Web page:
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Publication numberUS2679270 A
Publication typeGrant
Publication dateMay 25, 1954
Filing dateNov 2, 1951
Priority dateNov 2, 1951
Publication numberUS 2679270 A, US 2679270A, US-A-2679270, US2679270 A, US2679270A
InventorsKrause Pearl E
Original AssigneeKrause Pearl E
Export CitationBiBTeX, EndNote, RefMan
External Links: USPTO, USPTO Assignment, Espacenet
Support for screw-removing tools
US 2679270 A
Abstract  available in
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Claims  available in
Description  (OCR text may contain errors)

y 1954 P. E. KRAUSE SUPPORT FOR SCREW-REMOVING TOOLS Filed Nov. 2, 1951 INVENTOR PEARL E. KnAusE ATTORNEYS Patented May 25, 1954 UNITED STATES PATENT OFFICE 2,679,270 SUPPORT FOR SCREW-REMOVING TOOLS Pearl E. Krause, Gary, S. Dak. Application November 2, 1951, Serial No. 254,598

3 Claims.

This invention relates to an improved support for a screw-removing tool.

In presen day aircraft construction, wide use is made of screws of various types, to hold contiguous sheet members, such a wing panels, assembled with one another and with a suitable frame underlying and reinforcing the same. On a single panel, the number of screws used can run to a surprisingly high amount, in view of the common practice of arranging the screws in closely spaced relation, in a plurality of adjacent rows.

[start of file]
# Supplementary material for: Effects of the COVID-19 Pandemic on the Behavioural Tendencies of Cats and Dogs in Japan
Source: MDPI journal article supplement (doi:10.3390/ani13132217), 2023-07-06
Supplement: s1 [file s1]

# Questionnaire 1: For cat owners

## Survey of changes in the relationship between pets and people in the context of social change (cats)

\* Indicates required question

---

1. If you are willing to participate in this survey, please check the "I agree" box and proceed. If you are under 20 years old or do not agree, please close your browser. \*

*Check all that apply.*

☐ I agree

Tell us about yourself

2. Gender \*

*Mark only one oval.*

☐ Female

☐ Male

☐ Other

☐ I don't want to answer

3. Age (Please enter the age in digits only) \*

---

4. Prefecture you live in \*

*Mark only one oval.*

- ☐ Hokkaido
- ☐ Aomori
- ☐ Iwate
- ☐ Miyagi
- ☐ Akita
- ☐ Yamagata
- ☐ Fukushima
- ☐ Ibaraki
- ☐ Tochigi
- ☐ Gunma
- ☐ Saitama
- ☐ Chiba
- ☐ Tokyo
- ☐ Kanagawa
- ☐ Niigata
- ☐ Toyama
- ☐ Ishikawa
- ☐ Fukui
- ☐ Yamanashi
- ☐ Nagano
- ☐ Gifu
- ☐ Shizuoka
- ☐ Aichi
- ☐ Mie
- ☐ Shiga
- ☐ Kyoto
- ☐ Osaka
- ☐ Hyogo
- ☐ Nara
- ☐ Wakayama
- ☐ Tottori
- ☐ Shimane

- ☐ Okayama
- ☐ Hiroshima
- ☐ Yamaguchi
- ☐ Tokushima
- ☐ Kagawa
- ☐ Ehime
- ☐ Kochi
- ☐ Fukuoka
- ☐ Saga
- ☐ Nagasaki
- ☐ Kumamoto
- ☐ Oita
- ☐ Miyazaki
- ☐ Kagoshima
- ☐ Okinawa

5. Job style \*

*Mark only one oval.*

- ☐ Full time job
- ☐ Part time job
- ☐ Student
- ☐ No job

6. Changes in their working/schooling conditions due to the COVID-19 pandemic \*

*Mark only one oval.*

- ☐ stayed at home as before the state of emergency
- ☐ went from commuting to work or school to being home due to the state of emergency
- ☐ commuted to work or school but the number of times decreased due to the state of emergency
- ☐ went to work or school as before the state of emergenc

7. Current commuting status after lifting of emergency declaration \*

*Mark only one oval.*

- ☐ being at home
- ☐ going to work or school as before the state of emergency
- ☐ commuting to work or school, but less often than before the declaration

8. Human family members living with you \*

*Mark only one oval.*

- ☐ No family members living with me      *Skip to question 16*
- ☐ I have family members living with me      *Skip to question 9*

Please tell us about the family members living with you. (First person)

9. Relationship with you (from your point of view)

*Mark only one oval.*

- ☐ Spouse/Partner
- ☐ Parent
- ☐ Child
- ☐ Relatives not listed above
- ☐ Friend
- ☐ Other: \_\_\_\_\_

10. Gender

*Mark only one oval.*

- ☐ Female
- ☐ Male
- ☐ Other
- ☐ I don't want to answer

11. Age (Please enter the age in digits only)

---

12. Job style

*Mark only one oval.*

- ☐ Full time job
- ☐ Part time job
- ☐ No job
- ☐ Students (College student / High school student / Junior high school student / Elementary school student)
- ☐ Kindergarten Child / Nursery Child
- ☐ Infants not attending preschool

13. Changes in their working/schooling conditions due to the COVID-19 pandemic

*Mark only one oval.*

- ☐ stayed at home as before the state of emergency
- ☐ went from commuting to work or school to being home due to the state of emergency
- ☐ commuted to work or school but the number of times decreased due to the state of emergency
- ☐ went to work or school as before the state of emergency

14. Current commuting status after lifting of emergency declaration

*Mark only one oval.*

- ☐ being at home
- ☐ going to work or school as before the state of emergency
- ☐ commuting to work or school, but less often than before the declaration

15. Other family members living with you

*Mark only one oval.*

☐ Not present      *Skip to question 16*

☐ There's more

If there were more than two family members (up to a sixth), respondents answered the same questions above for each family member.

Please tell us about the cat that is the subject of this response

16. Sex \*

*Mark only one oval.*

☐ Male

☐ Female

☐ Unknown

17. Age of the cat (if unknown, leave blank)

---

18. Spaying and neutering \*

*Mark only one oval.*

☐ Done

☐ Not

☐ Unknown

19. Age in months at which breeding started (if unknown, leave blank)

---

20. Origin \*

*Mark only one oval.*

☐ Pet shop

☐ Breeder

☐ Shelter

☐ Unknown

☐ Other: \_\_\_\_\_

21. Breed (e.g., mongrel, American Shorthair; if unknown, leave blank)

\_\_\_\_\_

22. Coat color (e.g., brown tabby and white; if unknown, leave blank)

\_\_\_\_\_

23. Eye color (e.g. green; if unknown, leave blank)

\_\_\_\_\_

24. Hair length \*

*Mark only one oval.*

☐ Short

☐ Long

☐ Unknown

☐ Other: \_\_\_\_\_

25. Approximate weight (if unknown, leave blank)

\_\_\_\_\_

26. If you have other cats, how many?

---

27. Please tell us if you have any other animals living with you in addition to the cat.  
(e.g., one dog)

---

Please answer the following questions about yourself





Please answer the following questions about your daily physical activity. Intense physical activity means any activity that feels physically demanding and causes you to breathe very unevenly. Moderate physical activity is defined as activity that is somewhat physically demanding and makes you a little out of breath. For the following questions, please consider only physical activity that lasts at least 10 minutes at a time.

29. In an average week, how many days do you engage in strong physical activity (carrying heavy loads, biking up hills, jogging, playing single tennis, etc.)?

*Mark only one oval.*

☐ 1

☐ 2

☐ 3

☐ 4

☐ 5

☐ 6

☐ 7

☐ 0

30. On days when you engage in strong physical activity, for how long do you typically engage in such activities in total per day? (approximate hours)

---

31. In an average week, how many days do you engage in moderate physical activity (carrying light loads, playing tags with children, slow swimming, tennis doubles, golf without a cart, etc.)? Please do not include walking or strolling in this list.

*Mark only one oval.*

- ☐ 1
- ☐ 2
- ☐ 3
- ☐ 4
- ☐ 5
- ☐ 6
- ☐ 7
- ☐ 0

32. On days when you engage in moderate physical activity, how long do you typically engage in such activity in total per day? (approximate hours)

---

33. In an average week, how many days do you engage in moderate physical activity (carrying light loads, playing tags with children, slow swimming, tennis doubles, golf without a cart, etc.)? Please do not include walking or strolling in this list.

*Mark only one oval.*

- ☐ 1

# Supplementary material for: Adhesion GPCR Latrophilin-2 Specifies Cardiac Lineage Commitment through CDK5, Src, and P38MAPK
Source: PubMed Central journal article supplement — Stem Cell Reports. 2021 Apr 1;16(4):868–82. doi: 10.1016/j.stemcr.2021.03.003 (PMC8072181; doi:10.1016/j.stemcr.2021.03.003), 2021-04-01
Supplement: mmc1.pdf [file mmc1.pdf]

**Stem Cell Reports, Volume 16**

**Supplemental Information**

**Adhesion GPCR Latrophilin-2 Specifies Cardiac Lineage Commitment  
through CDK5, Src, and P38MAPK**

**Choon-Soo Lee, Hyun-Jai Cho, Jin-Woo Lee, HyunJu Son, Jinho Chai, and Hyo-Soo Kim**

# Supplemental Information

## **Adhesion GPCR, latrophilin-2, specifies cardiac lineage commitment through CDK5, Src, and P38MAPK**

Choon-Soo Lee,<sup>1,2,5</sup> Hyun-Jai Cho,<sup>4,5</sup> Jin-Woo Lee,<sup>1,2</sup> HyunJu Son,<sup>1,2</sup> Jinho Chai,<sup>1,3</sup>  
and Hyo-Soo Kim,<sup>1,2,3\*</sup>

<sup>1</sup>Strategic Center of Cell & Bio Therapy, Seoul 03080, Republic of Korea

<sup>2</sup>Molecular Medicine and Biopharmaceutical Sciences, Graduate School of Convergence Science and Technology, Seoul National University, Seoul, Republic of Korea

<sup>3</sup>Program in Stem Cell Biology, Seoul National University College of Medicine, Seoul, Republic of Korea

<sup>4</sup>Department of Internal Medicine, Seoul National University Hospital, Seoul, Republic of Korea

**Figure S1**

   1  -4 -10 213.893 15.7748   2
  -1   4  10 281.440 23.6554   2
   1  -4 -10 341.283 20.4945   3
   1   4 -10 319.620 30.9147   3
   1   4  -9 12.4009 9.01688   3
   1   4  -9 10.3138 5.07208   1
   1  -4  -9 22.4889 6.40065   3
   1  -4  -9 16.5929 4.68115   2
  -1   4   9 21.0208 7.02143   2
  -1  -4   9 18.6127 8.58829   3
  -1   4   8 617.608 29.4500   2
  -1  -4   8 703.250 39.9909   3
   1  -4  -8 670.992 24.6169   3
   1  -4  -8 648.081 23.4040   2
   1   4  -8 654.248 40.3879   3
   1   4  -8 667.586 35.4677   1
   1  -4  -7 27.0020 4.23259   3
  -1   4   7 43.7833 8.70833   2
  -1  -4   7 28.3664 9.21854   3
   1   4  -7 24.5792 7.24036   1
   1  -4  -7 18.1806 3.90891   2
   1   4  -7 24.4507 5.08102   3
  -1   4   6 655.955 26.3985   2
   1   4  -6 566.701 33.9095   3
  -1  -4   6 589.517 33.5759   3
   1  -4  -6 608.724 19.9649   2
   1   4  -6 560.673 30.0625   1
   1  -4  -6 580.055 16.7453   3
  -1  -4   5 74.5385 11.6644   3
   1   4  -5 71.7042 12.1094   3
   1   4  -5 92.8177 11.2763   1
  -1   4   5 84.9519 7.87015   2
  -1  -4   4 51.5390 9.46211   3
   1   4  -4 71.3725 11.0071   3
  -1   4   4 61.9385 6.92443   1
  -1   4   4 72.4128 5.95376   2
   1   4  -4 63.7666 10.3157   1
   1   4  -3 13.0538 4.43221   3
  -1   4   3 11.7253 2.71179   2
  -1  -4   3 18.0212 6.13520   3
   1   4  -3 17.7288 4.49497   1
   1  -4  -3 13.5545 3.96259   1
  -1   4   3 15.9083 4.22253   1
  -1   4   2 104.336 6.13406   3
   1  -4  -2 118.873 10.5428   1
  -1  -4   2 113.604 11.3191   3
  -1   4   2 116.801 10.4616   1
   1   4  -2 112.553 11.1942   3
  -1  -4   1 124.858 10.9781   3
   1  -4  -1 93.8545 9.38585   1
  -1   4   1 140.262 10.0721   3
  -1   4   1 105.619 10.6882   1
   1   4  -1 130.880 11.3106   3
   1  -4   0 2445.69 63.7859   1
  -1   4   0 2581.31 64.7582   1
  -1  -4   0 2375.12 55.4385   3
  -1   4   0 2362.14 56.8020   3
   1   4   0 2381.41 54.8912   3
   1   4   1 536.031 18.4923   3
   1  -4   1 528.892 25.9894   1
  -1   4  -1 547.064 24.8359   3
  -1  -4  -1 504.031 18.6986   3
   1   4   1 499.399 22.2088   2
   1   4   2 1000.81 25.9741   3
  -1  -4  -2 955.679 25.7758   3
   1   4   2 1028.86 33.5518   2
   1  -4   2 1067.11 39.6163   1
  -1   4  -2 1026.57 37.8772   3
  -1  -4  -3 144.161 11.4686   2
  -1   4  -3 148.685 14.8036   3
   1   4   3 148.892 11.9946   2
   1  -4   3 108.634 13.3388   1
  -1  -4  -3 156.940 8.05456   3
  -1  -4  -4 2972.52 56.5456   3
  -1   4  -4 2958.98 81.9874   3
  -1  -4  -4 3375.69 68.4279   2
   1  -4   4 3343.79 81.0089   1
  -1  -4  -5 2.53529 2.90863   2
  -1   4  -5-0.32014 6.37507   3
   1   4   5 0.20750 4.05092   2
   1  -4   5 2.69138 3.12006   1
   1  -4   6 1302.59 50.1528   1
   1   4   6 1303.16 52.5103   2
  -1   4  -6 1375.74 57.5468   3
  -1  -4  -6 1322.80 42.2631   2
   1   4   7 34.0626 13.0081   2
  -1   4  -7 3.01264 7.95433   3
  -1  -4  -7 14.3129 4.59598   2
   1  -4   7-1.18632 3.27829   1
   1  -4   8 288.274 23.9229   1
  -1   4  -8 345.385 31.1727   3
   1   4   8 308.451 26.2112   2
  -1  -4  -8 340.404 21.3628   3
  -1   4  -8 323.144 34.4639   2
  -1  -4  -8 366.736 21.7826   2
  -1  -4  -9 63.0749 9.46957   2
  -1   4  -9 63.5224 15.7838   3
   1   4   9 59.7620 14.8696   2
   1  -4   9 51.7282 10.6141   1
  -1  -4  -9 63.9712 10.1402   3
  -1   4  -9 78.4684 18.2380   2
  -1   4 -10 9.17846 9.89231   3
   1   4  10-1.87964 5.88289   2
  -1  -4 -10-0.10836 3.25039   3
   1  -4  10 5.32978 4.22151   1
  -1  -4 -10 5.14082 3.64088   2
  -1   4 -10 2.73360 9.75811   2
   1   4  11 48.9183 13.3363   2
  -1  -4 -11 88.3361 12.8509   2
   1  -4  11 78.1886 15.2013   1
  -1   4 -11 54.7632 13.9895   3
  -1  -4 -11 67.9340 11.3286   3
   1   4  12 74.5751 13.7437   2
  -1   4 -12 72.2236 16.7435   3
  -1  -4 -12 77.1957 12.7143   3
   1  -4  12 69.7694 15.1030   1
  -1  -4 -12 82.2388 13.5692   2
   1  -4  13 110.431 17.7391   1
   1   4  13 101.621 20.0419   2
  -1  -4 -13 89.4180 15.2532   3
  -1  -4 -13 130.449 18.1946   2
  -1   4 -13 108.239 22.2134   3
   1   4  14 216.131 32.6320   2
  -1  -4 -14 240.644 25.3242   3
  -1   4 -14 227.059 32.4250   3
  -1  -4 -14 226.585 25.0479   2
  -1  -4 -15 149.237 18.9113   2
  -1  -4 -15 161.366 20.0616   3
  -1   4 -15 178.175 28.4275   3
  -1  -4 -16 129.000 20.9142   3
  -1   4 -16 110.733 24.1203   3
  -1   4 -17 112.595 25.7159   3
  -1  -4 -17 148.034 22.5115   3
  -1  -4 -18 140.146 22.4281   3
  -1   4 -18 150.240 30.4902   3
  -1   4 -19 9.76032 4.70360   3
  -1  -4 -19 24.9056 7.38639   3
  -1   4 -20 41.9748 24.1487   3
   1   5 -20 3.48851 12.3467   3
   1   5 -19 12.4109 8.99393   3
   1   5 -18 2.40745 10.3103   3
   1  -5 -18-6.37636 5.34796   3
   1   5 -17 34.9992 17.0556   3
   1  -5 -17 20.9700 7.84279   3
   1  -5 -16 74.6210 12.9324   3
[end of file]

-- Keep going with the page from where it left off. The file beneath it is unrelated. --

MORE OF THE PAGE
To lessen the drag which would otherwise be created on fast flying aircraft, the screws used are generally of the countersunk type, so that the heads of the screws will be flush with the surface of the panel through which they extend.

In this connection, it is Well appreciated among those charged with the maintenance of such aircraft that screws of this type are particularly difficult to remove, due to their well known tendency to freeze to the member engaged thereby. As a result, an excessive number of man hours is required to effect the removal of a single panel for the performance of necessary maintenance upon the aircraft. This is due to the fact that the tools presently used to accomplish the removal of the screws are so designed as to require that an excessive amount of time be consumed during the removal of each screw.

It is accordingly, the main object of the present invention to provide an improved support for screw-removing tools, that will be adapted particularly to the removal of screws from the panels of aircraft, and which will be so formed as to accomplish said removal of the screws with a high degree of facility, and in far less time than is presently required.